Short Term Effects:• distorted vision, hearing, and coordination• altered perceptions and emotions• impaired judgment• bad breath; hangovers
Alcohol abuse is a pattern of problem drinking that resultsin health consequences, social, problems, or both. However,alcohol dependence, or alcoholism, refers to a disease thatis characterized by abnormal alcohol-seeking behavior thatleads to impaired control over drinking. Long Term Effects:• Some problems, like those mentioned above, can occur after drinking over a relatively short period of time.
• But other problems--such as liver disease, heart disease, certain forms of cancer, and pancreatitis--often develop more gradually and may become evident only after long- term heavy drinking.• Women may develop alcohol-related health problems after consuming less alcohol than men do over a shorter period of time.
•Alcohol-related liver disease More than 2 million Americans suffer from alcohol-related liver disease. Some drinkers develop alcoholichepatitis, or inflammation of the liver, as a result of long-term heavy drinking.
Its symptoms include fever, jaundice (abnormalyellowing of the skin, eyeballs, and urine), and abdominalpain.
•Alcoholic cirrhosisCan cause death if drinking continues. Although cirrhosis isnot reversible, if drinking stops, ones chances of survival improve considerably.
Those with cirrhosis often feel better, and the functioning oftheir liver may improve, if they stop drinking. Althoughliver transplantation may be needed as a last resort, manypeople with cirrhosis who abstain from alcohol may neverneed liver transplantation. In addition, treatment for thecomplications of cirrhosis is available. •Heart disease
Moderate drinking can have beneficial effects on the heart,especially among those at greatest risk for heart attacks, suchas men over the age of 45 and women after menopause.But long-term heavy drinking increases the risk for highblood pressure, heart disease, and some kinds of stroke.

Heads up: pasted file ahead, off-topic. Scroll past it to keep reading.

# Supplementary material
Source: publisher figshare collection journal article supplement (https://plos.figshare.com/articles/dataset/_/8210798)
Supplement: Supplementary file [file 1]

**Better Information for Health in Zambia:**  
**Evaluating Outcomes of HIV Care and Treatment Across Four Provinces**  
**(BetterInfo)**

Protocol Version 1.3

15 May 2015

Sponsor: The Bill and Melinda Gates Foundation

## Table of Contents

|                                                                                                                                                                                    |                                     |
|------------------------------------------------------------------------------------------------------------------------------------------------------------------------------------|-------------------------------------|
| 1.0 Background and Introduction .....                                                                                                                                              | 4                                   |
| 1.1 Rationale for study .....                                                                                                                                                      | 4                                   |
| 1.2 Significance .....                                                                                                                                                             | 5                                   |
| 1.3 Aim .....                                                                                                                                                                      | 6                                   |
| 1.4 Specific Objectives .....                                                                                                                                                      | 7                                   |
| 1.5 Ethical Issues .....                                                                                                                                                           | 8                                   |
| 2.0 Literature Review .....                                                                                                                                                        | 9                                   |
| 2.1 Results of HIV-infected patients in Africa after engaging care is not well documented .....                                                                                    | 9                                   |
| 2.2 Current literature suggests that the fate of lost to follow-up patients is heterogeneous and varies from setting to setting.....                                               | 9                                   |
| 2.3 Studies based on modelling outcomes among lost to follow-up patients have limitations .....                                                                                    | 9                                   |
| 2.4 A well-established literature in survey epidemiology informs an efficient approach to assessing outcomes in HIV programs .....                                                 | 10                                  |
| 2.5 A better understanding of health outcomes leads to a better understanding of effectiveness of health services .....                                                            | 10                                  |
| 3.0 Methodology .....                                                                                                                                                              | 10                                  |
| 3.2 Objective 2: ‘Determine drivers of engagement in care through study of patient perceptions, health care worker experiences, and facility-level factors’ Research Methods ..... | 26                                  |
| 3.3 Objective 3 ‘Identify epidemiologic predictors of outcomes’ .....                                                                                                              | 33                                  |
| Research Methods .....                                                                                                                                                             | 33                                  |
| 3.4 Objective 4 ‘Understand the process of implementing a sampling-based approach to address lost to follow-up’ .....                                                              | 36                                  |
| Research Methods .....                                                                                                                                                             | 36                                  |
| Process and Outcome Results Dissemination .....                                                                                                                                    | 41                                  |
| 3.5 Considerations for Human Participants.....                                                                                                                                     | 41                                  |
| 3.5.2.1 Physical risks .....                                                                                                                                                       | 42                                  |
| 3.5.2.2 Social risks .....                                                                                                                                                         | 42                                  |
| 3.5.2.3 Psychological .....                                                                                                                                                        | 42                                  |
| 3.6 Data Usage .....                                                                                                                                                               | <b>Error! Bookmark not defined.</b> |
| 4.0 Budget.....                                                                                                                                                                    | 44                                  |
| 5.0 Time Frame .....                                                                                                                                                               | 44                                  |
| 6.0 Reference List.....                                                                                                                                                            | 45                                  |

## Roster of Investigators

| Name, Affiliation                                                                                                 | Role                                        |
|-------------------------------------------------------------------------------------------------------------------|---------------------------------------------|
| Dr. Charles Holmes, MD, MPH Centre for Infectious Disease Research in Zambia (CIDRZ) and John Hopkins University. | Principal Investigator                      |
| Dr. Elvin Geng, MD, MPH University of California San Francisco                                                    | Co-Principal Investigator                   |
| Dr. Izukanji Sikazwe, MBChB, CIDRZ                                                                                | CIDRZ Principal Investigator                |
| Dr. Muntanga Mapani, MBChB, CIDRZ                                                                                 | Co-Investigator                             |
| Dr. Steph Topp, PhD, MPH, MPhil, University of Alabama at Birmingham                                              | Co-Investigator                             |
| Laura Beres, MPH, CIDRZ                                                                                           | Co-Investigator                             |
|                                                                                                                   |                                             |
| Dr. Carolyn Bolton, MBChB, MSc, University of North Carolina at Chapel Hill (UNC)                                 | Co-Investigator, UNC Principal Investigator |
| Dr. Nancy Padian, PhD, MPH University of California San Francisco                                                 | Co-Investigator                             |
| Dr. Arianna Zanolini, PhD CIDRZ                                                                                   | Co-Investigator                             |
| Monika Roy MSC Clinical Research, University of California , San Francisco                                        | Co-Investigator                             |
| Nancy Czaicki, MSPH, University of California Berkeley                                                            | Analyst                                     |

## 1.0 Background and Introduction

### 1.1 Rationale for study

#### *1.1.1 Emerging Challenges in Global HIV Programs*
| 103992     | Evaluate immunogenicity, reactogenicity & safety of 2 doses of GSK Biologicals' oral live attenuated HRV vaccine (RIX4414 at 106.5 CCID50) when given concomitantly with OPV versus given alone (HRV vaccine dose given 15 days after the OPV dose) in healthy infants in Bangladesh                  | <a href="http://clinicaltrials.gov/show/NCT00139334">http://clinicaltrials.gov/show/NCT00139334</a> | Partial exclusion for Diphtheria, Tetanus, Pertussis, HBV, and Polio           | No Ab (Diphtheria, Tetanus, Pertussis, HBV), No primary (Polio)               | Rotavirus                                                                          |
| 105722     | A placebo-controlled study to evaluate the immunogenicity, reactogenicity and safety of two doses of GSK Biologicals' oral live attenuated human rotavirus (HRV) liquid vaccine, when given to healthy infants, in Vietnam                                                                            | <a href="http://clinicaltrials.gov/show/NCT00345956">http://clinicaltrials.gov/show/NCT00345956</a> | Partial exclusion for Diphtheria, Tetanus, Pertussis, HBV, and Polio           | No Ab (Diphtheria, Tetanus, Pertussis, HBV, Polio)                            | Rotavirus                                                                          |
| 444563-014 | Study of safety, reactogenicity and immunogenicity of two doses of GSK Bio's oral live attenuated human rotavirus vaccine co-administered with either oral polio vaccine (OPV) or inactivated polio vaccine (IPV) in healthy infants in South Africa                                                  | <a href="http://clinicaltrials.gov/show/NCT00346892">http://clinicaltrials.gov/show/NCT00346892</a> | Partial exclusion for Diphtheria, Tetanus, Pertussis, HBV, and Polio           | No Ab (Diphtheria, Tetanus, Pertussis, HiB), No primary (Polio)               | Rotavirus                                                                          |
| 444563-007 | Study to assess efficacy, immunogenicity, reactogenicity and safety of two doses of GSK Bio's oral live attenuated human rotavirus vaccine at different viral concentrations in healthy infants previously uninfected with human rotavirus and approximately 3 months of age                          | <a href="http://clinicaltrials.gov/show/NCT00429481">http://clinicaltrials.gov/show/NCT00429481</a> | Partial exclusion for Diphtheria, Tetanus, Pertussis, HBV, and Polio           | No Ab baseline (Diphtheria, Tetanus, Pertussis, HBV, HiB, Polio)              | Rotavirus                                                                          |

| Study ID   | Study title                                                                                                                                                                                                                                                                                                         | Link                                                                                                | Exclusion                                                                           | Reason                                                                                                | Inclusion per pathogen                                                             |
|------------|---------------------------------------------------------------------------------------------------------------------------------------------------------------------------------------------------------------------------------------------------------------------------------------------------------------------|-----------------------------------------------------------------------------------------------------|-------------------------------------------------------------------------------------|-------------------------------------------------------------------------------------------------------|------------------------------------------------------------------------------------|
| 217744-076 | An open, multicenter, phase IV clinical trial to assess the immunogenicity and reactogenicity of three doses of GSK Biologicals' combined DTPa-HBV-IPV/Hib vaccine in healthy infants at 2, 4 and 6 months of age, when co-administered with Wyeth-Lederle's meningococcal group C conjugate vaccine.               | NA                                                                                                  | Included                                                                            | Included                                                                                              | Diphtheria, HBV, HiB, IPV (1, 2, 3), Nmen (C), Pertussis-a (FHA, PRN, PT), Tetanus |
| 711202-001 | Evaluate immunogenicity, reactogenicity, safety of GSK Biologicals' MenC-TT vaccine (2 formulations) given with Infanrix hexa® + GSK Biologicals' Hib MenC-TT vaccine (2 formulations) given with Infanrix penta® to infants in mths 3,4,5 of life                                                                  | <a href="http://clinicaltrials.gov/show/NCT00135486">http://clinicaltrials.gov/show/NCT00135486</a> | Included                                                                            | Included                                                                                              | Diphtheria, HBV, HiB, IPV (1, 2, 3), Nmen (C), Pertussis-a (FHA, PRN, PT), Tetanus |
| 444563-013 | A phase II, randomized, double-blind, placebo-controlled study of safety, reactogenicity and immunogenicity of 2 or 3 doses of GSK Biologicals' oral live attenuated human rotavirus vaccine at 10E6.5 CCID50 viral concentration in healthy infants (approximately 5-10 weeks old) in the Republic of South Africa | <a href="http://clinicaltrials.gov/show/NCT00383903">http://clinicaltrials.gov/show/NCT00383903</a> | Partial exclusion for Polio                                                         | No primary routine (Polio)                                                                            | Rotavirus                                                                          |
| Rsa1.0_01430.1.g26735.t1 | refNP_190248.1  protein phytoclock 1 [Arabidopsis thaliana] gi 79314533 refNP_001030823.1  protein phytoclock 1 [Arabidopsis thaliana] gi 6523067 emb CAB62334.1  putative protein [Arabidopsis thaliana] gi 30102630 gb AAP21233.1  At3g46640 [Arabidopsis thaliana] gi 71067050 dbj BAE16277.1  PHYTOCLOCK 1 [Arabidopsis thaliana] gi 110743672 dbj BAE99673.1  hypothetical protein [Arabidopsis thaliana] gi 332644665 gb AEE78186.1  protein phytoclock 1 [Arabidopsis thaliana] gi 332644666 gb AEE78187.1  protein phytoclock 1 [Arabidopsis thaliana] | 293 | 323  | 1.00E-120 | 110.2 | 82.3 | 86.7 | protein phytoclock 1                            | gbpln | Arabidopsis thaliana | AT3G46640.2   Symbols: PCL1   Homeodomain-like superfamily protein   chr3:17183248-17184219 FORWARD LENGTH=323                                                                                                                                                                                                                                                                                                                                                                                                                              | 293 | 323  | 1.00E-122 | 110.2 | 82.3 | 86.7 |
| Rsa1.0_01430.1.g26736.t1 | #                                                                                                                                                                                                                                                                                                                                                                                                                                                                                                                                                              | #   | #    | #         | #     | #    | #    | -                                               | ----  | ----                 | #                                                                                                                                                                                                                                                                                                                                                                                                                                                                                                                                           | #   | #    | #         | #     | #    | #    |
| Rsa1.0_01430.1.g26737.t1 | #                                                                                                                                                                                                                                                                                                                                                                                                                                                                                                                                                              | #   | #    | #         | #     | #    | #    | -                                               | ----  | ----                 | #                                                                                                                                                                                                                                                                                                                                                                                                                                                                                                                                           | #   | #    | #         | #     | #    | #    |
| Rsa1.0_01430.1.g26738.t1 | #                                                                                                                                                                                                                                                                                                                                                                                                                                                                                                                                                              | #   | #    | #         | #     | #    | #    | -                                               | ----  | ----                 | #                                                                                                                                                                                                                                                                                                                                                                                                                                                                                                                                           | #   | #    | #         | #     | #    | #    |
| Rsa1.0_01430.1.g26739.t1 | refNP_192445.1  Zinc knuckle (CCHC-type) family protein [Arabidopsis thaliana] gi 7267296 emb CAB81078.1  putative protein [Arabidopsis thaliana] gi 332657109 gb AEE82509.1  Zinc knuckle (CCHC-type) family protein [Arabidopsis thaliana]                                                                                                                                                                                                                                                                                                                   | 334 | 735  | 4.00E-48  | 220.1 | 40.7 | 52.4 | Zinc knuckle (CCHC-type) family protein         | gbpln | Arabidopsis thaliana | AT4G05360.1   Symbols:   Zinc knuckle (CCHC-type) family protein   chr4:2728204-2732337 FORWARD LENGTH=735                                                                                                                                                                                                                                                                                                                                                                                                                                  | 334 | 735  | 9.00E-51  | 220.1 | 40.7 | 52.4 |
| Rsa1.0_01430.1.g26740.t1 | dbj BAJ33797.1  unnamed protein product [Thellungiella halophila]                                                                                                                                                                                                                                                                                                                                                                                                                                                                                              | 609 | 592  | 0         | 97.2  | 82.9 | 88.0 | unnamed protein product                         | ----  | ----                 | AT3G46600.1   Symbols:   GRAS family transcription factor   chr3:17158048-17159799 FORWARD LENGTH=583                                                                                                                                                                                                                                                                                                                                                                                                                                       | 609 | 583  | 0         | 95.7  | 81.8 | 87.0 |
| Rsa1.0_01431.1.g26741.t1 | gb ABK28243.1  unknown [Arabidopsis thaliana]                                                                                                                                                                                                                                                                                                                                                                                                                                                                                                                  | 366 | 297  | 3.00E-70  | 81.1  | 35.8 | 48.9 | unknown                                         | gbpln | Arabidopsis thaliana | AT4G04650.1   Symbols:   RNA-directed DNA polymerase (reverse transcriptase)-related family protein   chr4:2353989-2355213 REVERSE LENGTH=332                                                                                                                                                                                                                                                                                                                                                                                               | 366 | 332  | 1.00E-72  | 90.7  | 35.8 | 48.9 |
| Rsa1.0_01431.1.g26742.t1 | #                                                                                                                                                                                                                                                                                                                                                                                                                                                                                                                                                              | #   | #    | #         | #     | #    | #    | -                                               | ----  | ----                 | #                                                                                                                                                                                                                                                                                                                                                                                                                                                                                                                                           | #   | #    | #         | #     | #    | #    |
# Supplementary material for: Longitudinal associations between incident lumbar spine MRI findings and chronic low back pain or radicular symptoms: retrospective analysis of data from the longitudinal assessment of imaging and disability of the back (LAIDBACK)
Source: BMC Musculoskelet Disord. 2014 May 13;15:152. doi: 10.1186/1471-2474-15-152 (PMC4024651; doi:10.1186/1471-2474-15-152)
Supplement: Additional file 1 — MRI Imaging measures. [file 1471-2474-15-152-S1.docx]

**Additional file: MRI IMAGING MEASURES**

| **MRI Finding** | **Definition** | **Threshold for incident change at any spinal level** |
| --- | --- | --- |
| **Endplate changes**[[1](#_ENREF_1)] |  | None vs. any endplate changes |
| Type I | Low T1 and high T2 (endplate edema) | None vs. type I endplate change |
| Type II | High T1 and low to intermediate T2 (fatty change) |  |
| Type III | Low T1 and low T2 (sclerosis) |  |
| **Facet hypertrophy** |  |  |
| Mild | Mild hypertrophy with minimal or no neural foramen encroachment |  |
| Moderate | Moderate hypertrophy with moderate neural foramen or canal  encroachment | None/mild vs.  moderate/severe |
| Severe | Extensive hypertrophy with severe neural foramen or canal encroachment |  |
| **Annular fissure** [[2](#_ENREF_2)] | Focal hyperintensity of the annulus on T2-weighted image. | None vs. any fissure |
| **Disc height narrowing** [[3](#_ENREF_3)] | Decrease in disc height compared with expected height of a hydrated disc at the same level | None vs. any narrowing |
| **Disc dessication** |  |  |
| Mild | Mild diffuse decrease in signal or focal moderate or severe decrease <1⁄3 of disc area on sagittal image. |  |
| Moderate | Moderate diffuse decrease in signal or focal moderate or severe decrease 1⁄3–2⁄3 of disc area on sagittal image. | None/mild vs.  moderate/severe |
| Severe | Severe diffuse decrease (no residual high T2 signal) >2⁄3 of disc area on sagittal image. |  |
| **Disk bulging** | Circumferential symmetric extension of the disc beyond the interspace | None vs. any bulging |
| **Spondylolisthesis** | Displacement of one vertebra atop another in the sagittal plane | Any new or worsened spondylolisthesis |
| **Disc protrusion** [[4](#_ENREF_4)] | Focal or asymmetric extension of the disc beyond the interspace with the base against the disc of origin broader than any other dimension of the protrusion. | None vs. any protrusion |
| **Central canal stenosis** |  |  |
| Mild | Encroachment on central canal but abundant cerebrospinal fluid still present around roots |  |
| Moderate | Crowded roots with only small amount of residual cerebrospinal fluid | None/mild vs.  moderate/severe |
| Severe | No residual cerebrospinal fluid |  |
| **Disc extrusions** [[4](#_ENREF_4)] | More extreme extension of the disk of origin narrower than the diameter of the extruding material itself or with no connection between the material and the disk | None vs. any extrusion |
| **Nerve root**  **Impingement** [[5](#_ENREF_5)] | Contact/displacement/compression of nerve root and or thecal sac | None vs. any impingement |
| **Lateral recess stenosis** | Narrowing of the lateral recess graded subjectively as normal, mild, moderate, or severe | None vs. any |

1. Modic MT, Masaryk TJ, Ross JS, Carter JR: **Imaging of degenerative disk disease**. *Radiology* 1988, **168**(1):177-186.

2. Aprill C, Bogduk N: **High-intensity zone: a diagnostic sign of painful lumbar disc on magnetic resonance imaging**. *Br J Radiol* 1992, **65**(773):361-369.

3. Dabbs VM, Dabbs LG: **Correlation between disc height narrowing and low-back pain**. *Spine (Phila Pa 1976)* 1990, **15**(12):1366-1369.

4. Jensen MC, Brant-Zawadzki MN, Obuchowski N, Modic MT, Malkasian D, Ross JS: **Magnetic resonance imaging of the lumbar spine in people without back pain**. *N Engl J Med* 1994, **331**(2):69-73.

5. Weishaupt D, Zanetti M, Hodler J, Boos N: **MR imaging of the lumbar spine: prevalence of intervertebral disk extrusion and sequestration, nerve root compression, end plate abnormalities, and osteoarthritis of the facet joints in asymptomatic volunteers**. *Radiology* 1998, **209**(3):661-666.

•CancerLong-term heavy drinking increases the risk of developingcertain forms of cancer, especially cancer of the esophagus,mouth, throat, and voice box.Women are at slightly increased risk of developing breastcancer if they drink two or more drinks per day.
Drinking may also increase the risk for developing cancerof the colon and rectum.
•Alcohol and blackoutsAlcohol interferes with the ability to form new memories.Large amounts of alcohol, particularly if consumed rapidly,can produce partial or complete blackouts, which are periodsof memory loss for events that transpired while a person wasdrinking.
Recent studies indicate that blackouts are much morecommon among college drinkers. While often confused withpassing out, or losing consciousness after excessive drinking,blackouts do not involve a loss of consciousness.
Indeed, individuals can engage in a wide range of goal-directed, voluntary, often complicated behaviors duringblackouts -- from driving cars to having sexual intercourse.Alcohol has only a minimal impact on the ability toremember information learned before becoming intoxicatedor on keeping information active in memory for short periodsof time.
For these reasons, outside observers are often unaware of theindividuals true level of intoxication.
•AlcoholismAlcoholism, also known as “alcohol dependence,” is adisease that includes four symptoms:• Craving: A strong need, or compulsion, to drink.• Loss of control: The inability to limit one’s drinking onany given occasion.
• Physical dependence: Withdrawal symptoms, such asnausea, sweating, shakiness, and anxiety, occur whenalcohol use is stopped after a period of heavy drinking.• Tolerance: The need to drink greater amounts of alcoholin order to “get high.”People who are not alcoholic sometimes do notunderstand why an alcoholic can’t just “use a littlewillpower” to stop drinking. However, alcoholism has
little to do with willpower. Alcoholics are in the grip ofan uncontrollable need, for alcohol that overrides theirability to stop drinking.Although some people are able to recover fromalcoholism without help, the majority of alcoholics needassistance. With treatment and support, many individualsare able to stop drinking and rebuild their lives.